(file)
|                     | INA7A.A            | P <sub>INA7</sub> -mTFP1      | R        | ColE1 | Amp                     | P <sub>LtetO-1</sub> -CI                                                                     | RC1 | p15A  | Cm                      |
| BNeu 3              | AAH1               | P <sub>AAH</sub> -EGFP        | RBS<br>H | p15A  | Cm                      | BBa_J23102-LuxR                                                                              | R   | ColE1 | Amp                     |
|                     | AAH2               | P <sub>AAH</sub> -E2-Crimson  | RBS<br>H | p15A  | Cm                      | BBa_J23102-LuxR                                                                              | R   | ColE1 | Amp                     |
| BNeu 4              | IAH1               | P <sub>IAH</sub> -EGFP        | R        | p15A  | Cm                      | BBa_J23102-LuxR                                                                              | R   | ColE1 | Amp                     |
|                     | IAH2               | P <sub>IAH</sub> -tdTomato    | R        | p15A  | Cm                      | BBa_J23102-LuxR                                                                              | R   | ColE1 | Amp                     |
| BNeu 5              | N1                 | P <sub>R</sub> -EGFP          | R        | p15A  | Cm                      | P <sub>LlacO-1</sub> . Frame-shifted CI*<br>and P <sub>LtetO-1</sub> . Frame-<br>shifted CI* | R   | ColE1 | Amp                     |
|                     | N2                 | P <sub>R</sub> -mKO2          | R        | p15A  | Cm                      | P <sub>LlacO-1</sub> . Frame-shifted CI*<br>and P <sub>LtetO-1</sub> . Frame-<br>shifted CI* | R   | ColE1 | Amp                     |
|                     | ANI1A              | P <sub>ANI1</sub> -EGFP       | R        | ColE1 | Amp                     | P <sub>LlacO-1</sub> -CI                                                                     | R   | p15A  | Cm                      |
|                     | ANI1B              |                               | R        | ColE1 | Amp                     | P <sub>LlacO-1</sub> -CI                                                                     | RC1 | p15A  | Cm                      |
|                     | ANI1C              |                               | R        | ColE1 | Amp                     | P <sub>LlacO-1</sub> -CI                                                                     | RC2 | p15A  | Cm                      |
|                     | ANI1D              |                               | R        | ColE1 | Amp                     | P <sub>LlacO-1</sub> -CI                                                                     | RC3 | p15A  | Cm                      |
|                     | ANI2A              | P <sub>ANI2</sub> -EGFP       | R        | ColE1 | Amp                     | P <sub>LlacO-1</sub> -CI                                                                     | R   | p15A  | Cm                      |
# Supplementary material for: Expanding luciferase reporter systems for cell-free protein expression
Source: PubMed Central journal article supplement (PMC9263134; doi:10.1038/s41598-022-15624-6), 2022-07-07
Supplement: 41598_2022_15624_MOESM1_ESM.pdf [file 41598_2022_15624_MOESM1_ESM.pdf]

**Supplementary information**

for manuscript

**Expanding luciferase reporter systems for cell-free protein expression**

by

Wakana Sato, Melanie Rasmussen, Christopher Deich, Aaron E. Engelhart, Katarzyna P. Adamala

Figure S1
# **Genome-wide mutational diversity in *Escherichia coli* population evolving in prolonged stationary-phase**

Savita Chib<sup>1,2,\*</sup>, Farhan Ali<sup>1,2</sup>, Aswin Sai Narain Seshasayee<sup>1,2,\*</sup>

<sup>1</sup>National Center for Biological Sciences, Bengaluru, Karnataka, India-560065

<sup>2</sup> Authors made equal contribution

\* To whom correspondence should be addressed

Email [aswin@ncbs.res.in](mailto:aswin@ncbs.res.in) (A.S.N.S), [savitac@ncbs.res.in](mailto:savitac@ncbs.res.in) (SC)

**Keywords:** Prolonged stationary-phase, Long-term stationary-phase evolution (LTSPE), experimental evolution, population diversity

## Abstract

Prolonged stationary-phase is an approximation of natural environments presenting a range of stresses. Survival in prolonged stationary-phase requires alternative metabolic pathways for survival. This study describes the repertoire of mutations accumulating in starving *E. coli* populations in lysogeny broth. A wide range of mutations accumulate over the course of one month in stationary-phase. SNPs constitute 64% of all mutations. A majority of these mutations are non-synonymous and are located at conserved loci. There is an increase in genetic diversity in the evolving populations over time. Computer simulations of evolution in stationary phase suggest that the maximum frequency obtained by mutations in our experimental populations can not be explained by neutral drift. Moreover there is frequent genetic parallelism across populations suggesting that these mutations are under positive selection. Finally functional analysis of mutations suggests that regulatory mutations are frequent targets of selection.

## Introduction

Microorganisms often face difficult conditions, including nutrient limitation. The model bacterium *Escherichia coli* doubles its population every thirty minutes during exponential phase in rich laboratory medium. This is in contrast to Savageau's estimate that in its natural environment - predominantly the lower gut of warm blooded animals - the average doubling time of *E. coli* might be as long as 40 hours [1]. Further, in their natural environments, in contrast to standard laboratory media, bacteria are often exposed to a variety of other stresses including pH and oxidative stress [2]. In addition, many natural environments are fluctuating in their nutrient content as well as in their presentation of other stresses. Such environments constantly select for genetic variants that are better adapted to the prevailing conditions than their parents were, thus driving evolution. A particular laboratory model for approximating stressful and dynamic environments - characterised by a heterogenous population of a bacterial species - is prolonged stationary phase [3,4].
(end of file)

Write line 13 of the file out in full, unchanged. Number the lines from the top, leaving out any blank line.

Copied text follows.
# Supplementary material for: Expanding luciferase reporter systems for cell-free protein expression